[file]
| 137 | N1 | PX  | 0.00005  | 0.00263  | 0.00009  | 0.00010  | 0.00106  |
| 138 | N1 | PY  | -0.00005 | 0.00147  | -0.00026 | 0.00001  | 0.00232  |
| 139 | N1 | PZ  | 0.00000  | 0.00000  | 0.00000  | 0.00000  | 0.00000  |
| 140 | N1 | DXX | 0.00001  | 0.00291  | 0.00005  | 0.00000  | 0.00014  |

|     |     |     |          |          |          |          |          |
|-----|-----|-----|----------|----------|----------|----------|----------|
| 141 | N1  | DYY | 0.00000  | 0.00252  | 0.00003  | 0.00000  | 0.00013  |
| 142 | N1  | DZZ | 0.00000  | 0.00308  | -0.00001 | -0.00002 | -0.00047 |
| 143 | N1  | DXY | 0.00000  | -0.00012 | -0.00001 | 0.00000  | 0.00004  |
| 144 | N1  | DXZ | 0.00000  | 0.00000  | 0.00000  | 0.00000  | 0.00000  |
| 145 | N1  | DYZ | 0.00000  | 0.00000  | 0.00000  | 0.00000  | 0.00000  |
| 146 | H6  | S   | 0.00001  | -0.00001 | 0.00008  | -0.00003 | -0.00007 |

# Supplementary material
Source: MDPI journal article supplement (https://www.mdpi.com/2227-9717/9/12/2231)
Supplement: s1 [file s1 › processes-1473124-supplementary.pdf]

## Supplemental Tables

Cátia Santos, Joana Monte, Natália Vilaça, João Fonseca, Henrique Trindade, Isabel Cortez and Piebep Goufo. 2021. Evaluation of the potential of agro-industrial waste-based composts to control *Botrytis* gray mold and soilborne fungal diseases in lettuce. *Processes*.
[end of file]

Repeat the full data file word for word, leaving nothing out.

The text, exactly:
| 137 | N1 | PX  | 0.00005  | 0.00263  | 0.00009  | 0.00010  | 0.00106  |
| 138 | N1 | PY  | -0.00005 | 0.00147  | -0.00026 | 0.00001  | 0.00232  |
| 139 | N1 | PZ  | 0.00000  | 0.00000  | 0.00000  | 0.00000  | 0.00000  |
| 140 | N1 | DXX | 0.00001  | 0.00291  | 0.00005  | 0.00000  | 0.00014  |

|     |     |     |          |          |          |          |          |
|-----|-----|-----|----------|----------|----------|----------|----------|
| 141 | N1  | DYY | 0.00000  | 0.00252  | 0.00003  | 0.00000  | 0.00013  |
| 142 | N1  | DZZ | 0.00000  | 0.00308  | -0.00001 | -0.00002 | -0.00047 |
| 143 | N1  | DXY | 0.00000  | -0.00012 | -0.00001 | 0.00000  | 0.00004  |
| 144 | N1  | DXZ | 0.00000  | 0.00000  | 0.00000  | 0.00000  | 0.00000  |
| 145 | N1  | DYZ | 0.00000  | 0.00000  | 0.00000  | 0.00000  | 0.00000  |
| 146 | H6  | S   | 0.00001  | -0.00001 | 0.00008  | -0.00003 | -0.00007 |

# Supplementary material
Source: MDPI journal article supplement (https://www.mdpi.com/2227-9717/9/12/2231)
Supplement: s1 [file s1 › processes-1473124-supplementary.pdf]

## Supplemental Tables

Cátia Santos, Joana Monte, Natália Vilaça, João Fonseca, Henrique Trindade, Isabel Cortez and Piebep Goufo. 2021. Evaluation of the potential of agro-industrial waste-based composts to control *Botrytis* gray mold and soilborne fungal diseases in lettuce. *Processes*.